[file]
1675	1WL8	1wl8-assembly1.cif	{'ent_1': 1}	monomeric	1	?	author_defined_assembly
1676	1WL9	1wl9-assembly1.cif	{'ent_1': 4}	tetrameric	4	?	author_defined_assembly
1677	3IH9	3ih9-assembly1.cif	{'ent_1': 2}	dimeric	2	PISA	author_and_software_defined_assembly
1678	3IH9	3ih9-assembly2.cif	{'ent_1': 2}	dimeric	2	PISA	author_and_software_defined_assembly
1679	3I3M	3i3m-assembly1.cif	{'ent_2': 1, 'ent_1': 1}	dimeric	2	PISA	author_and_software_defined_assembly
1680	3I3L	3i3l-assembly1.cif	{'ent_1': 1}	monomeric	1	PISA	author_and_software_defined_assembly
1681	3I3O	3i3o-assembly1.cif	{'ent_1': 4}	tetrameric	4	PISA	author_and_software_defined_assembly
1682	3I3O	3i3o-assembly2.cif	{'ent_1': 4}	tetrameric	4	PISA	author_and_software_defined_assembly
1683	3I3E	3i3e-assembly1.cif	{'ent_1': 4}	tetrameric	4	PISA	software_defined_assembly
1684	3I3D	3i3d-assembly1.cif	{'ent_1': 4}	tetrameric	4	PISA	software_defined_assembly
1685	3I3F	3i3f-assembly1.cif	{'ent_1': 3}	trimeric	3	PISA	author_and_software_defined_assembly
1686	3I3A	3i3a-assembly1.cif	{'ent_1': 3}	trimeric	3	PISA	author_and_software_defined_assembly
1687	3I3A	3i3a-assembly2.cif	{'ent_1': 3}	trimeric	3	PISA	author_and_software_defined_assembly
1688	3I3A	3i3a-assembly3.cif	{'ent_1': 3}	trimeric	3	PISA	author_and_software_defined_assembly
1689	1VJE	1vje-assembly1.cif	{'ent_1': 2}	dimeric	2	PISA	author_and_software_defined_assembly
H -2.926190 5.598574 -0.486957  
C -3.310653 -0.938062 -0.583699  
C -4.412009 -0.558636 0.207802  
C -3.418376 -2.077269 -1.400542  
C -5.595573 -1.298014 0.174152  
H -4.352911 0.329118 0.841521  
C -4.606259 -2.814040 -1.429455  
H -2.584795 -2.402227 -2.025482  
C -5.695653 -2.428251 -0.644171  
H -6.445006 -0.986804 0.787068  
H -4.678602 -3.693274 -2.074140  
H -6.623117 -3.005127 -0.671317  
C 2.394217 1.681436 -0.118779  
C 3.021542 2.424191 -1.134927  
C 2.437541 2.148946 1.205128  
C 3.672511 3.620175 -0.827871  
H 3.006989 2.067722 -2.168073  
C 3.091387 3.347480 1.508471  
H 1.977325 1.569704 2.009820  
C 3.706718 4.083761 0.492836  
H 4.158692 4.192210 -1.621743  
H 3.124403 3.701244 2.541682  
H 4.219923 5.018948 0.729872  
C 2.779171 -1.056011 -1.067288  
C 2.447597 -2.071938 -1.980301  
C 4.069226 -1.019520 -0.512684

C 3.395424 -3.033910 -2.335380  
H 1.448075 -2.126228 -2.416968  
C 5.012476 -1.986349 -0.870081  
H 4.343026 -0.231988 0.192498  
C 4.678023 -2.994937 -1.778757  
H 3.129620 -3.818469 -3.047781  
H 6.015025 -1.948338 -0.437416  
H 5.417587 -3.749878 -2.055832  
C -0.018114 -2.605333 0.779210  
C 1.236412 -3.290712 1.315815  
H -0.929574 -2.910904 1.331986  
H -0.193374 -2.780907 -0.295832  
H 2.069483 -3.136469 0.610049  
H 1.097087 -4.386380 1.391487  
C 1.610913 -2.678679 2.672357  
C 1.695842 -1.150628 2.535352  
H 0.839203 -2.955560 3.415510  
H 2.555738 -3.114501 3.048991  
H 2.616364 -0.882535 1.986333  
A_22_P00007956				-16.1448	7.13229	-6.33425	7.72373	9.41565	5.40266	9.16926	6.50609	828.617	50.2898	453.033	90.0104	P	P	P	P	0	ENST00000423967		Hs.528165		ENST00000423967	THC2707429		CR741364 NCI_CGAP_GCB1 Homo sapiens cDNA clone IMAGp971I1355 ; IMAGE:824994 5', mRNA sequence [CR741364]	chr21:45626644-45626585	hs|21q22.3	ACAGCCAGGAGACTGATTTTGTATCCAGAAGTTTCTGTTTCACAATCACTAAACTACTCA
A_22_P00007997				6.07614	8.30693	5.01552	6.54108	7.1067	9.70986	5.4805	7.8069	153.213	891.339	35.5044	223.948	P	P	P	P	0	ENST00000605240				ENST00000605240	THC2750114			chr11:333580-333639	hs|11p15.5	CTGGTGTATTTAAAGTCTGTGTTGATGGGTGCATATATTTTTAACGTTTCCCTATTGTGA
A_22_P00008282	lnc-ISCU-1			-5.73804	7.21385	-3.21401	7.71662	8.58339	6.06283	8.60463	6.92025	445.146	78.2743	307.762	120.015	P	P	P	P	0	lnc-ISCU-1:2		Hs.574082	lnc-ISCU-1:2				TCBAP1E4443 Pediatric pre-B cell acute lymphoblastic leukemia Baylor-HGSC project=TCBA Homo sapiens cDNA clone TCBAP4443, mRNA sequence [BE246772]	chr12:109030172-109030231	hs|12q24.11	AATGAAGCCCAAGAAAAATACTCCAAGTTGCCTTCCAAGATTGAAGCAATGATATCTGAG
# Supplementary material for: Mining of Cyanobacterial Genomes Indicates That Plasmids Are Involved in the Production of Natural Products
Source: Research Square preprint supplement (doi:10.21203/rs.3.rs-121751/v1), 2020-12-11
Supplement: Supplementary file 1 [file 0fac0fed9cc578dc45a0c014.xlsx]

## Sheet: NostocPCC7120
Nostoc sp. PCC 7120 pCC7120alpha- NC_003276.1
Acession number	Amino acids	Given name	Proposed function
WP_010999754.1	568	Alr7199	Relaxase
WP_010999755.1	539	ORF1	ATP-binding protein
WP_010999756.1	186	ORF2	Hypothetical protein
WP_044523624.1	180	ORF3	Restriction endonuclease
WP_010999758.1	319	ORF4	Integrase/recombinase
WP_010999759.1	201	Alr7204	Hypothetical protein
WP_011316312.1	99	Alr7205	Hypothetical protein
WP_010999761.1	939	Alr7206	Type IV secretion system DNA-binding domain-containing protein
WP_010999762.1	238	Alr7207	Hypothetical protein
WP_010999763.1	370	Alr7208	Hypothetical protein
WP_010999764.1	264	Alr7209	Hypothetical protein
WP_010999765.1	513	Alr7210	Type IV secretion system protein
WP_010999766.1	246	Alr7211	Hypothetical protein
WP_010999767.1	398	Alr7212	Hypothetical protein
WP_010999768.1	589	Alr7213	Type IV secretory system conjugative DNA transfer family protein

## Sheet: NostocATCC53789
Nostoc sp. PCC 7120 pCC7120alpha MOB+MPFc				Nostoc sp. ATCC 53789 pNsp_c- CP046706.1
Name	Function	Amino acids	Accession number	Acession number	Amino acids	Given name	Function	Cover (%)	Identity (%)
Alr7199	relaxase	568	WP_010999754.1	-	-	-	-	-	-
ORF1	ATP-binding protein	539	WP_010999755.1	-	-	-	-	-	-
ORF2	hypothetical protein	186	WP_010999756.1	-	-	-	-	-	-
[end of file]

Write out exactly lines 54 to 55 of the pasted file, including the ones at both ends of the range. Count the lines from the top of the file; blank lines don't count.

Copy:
H 2.069483 -3.136469 0.610049  
H 1.097087 -4.386380 1.391487  